Economical Ways to Sharpen Colored Pencils

Economic Colored Pencil Sharpening

Sharpeners are one of the more frequently discussed topics here, and I continue to get questions about them. Today, let’s take a look at the subject from a different angle: let’s talk about a few economical ways to sharpen colored pencils.

But first, since this is Q&A Wednesday, here’s the reader’s question.

What is the best – and most economical – way to sharpen colored pencils, particularly the softer ones?

I use an electric sharpener for graphite but it seems to “eat” colored pencils quite rapidly. Thank you.

Kathy

I want to thank Kathy for asking this question. Most people want to know the best sharpeners. That’s an impossible question to answer because there are so many factors to consider.

But very few people ask economical ways to sharpen colored pencils. And there is a difference.

Economical Ways to Sharpen Colored Pencils

But before we get started, let’s consider sharpeners.

A Few Words About Sharpeners

The purpose of pencil sharpeners is eating pencils. Whenever you sharpen a pencil with a mechanical sharpener, the sharpener has to chew up enough of the lead to make a sharp point.

That’s true for graphite pencils, and it’s true for colored pencils.

But there are ways to sharpen pencils so less of the pigment is wasted.

Kathy’s Sharpener

I also suggest that Kathy find out if her electric sharpener is an auto-stop model. Sharpeners with an auto-stop feature automatically stop sharpening when the pencil is sharp.

Other types of electric sharpeners continue sharpening until you remove the pencil. It’s very easy to sharpen a pencil to a nub quickly if you don’t pay attention to the sharpener while you’re sharpening.

Economical Ways to Sharpen Colored Pencils

A Sharp Knife Works Wonders

The absolute best way to sharpen pencils with minimum waste is by sharpening them with a knife.

I use an X-acto knife, but any knife sharp enough to cut through the wood casing is suitable.

Sharpening pencils with an X-acto knife is also a great way to sharpen a pencil that’s prone to breaking. You can whittle away the wood casing with very little pressure on the pigment core itself.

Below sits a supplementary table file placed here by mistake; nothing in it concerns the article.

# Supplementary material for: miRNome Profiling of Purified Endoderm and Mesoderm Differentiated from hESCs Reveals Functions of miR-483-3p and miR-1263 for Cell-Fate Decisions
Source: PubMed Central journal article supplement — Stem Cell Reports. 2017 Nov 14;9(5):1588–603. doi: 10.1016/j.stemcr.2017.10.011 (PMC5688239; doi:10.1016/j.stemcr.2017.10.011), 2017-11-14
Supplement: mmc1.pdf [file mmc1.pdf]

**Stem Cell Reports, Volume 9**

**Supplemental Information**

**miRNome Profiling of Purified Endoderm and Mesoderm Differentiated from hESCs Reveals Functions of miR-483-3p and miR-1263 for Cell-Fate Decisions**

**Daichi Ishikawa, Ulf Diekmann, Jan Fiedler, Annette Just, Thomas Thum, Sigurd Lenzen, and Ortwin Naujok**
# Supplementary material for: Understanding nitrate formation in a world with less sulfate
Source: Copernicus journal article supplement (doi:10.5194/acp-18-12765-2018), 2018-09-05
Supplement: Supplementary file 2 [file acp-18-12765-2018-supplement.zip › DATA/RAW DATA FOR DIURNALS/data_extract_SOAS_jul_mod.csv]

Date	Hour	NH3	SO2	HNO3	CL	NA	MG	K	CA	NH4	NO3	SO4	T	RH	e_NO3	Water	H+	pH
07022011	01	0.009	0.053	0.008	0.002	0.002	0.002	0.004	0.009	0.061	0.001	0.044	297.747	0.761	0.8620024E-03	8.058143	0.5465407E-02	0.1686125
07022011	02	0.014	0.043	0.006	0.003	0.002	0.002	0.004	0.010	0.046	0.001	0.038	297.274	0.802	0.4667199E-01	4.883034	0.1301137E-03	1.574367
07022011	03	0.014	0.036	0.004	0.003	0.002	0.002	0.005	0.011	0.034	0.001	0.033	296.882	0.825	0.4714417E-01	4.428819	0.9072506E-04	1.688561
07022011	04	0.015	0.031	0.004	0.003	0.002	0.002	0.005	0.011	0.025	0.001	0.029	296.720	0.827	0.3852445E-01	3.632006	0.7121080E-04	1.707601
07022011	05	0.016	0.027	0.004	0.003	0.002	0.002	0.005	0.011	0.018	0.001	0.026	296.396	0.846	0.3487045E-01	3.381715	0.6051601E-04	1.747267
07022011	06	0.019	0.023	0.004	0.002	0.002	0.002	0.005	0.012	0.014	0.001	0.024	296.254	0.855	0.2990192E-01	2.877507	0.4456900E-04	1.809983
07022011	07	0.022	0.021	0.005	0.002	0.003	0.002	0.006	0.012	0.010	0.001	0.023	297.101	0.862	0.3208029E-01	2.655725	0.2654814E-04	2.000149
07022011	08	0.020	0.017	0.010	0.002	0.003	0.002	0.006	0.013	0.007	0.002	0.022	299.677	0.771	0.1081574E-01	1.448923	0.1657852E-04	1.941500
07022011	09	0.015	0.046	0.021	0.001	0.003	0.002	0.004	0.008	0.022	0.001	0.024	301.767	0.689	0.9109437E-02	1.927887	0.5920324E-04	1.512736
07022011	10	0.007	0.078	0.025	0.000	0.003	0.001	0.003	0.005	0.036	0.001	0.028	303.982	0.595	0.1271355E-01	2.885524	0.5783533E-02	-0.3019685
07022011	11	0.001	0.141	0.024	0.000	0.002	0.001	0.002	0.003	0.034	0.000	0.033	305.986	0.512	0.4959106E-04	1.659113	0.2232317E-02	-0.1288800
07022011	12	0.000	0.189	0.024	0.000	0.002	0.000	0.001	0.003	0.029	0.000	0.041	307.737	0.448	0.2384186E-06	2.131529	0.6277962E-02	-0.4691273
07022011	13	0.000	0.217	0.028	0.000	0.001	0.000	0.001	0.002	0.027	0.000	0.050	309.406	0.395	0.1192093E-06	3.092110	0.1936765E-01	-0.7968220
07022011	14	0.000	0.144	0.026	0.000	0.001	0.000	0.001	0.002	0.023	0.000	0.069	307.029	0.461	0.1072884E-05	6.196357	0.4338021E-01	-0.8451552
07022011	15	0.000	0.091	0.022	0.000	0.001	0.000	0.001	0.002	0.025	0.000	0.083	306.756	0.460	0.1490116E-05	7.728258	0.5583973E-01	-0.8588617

This method requires extreme caution! It’s easy to cut yourself while sharpening pencils, and we most certainly do not want that!

How to Hand Sharpen Colored Pencils

Use a knife with a finely sharpened blade.

Hold the pencil in your non-dominant hand with the exposed pigment core facing away from you.

Hold the knife in your dominant hand, with the blade at a slight angle to the pencil. As you can see in the illustration below, the knife blade is nearly lying on the sharpened wood casing. This keeps you from gouging too much of the wood casing with each stroke.

Push the blade downward along the pencil with your thumb. Use light pressure and make as thin a cut as you can.

Hold the knife at a slight angle to the pencil and stroke away from yourself. Turn the pencil after each cutting stroke.

Always stroke away from yourself.

Turn the pencil between strokes and work around the pencil two or three times or until the sharpened end is as smooth or even as you prefer or until as much pigment core is exposed as you need.

Pointing the Pencil

To get a needle-sharp point, rub the pencil on an emery board. Roll the pencil as you stroke it along the emery board until the point is as sharp as you want it to be.

A sanding block or sand paper (not sanded art paper) also works for fine tuning a newly sharpened pencil.